Chromebooks create change and a new way of learning in the Kettering district

Fairmont+senior+Daniel+Bendel+utilizes+his+Chromebook+during+study+hall.+

Photo: Sammy Lowe

Fairmont senior Daniel Bendel utilizes his Chromebook during study hall.

The Kettering City School District has been abruptly thrown from the saddle that is the Paper Age and is hurtling at high-speed toward the Technological Era. The 2015-16 school year has proven that the district has focused their attention on improving their technology, not possible without the $8 million “Straight A” grant. Students, parents, and staff members throughout the area are adjusting to the changes brought about by the devices, supplied to every student in the district.

Tyler Alexander, principal of Fairmont High School, was happy to discuss his thoughts about the Chromebooks. “I think that the most important piece to education is the teachers and that the Chromebooks are not trying to take away teaching in the classroom,” Alexander said. “It’s supposed to be a resource that teachers can use as an educational tool.”

Kristin Allen, a Fairmont English teacher who has hands on experience with using Chromebooks in a classroom setting, addresses pros and cons that come with the devices.

“There are a lot of pros,” Allen said. “The fact that students who type faster than they write can go ahead and type notes or they can type down their ideas quickly.”

Allen also feels it’s easier to use technology in the classroom without having to deal with scheduling the Chromebook carts, formerly shared between all teachers in the same department.

Allen brings up issues the Chromebooks have presented. “The parents who didn’t sign the contract that ensures the payment of the Chromebook, if it’s broken, is a problem,” Allen said.

The kids whose parents didn’t sign the contracts didn’t receive Chromebooks and therefore cannot participate in classroom activities involving the devices.  “I have to find alternate assignments and/or bring in my own laptops from home or the ones the school has let me borrow to provide for those students,” she said.

Kim Broomhall, Technology Coordinator at Fairmont, is well aware of these issues and how they’re handled.

“Those students have to check one out of the library,” Broomhall said. “We address that issue by saying that they have to check a Chromebook out everyday and return it at the end of the day.”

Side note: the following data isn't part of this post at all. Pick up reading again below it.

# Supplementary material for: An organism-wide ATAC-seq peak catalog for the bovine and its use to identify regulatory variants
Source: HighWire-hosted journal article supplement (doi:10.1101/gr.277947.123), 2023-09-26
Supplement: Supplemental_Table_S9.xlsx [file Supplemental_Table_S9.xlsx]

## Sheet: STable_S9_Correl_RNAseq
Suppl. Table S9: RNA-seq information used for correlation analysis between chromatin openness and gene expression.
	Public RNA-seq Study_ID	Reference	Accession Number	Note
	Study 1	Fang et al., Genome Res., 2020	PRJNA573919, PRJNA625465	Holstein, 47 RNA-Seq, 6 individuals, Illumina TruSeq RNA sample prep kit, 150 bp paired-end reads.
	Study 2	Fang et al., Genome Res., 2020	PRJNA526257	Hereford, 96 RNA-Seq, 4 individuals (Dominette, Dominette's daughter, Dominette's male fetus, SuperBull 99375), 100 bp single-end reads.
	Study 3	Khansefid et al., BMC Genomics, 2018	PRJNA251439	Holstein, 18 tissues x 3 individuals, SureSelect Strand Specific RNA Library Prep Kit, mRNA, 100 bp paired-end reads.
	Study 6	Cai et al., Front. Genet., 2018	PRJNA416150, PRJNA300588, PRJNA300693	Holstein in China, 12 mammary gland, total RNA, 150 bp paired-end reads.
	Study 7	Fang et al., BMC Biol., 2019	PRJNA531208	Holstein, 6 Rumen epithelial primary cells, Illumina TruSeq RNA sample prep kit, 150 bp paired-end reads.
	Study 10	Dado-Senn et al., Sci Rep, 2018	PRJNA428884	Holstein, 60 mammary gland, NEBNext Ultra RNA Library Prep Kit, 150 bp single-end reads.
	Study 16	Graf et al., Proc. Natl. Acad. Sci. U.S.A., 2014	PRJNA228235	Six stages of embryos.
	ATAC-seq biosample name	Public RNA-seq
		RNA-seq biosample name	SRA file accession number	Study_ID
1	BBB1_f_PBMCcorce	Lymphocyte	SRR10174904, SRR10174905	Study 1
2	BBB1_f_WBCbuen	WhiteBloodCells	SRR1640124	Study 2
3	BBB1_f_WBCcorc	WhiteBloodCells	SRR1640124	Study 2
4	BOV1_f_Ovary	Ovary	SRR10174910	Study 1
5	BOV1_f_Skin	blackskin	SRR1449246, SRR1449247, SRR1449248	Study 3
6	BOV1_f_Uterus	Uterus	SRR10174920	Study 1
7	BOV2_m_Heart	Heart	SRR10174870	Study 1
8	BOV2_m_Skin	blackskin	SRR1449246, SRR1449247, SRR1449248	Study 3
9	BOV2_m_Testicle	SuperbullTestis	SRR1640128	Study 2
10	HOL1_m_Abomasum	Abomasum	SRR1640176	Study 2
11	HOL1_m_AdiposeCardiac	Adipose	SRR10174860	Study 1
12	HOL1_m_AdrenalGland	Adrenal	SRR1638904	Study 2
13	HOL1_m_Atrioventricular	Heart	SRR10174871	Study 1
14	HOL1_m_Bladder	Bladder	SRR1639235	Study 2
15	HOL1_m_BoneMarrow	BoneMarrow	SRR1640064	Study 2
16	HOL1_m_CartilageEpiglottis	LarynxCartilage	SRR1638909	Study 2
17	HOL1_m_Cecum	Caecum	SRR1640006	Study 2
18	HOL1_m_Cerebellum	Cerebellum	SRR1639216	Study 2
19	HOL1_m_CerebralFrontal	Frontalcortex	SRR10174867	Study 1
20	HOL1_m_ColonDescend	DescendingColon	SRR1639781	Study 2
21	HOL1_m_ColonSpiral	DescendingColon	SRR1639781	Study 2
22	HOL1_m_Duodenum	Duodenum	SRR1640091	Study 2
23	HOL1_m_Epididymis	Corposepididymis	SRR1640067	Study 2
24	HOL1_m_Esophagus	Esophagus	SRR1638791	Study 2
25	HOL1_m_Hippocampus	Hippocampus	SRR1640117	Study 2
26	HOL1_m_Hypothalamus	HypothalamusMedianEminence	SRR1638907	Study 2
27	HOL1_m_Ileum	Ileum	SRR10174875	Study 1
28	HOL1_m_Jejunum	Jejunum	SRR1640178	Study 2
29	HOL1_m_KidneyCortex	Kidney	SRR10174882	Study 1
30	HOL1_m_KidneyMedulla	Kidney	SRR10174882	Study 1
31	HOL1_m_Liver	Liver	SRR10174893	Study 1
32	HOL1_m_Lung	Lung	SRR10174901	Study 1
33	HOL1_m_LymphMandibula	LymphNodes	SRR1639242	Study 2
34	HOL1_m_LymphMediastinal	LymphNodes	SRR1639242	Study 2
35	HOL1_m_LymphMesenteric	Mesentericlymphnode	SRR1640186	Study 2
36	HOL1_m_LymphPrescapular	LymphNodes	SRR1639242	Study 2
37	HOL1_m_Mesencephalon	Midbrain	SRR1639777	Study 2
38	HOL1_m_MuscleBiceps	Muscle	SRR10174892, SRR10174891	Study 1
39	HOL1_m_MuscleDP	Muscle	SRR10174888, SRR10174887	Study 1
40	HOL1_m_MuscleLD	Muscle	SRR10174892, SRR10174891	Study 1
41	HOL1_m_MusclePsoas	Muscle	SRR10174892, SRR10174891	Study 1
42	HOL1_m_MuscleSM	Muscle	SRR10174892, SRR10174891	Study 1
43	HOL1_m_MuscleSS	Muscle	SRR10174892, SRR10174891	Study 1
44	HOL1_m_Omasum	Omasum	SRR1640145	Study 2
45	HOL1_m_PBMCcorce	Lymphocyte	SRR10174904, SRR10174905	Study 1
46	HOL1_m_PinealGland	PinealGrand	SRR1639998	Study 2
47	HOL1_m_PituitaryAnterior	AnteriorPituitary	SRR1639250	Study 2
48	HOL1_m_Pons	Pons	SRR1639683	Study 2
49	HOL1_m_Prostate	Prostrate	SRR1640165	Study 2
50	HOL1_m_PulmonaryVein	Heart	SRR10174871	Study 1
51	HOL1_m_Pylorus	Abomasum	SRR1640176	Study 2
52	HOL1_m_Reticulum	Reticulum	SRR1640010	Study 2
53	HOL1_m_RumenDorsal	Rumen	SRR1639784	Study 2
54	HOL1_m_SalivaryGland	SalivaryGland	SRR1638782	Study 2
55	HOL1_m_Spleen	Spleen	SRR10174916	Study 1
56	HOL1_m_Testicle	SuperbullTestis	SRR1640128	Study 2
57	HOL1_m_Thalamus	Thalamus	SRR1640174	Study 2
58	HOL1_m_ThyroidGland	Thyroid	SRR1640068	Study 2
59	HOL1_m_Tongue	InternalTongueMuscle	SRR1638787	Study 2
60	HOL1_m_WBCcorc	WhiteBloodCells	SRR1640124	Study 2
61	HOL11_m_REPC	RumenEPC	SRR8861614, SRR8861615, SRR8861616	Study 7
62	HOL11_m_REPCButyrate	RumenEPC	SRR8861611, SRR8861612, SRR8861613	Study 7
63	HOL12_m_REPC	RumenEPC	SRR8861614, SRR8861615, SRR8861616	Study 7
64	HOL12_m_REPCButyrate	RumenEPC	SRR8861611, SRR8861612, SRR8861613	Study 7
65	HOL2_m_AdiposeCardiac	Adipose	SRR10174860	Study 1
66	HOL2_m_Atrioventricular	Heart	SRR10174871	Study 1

Allen also said Wi-Fi is an additional problem and getting all the students hooked up to the system has proven to be difficult. Not only have teachers noticed the lack of Wi-Fi connection but students too have first-hand experience with the malfunctioning network.

“I think the money that was given for the Chromebooks could have been better spent  if it was on high-quality Wi-Fi and bandwidth rather than getting Chromebooks,” Fairmont senior Gillian Garland said.

Alexander agrees the school has experienced trouble recently with bandwidth and supporting all 2,500 hundred devices on the network’s Wi-Fi. Despite the recent complications, Alexander said the district is in the process of expanding bandwidth.

Not only is the district trying to improve Wi-Fi by increasing bandwidth, but other measures have been taken to ensure the Chromebooks connect to the internet properly while at Fairmont. Alexander confirmed that the school has cut the Student/Guest Wi-Fi network. Many students connected their phones to the Student/Guest network for internet access during the day.

“Our focus is in the classroom–I would rather your Chromebook be connected and working than your phone,” Alexander explained.

According to Broomhall the Student/Guest network will not be re-instituted. That network was for the purpose of student’s using their phones for classwork, but now that the Chromebooks have been in place there is no educational need for it.

All of these changes would not have been possible without the massive grant awarded to the district for $8 million. The grant is called “Straight A” and Fairmont had to meet specific requirements before they could be awarded the money. Scott Inskeep, Superintendent of Kettering City Schools, explains how the main purpose of the grant is “to create the opportunity to ultimately reduce costs.”

“First the district had to designate what their needs were,” said Inskeep, “ Then how they were going to spend the money and show how there were going to be savings.”

After the district presented its plan to save money, the strategy was reviewed by the Ohio Department of Education where they eventually came to the decision to award Kettering with the money.

Alexander adds that the schools wanted the grant so that every student from grades K-12 would have the opportunity to own a device that would benefit them in the classroom.

“We couldn’t do it without the support of everyone in the district,” said Alexander. “That includes the students and that includes the parents. Without that support, this would be impossible.”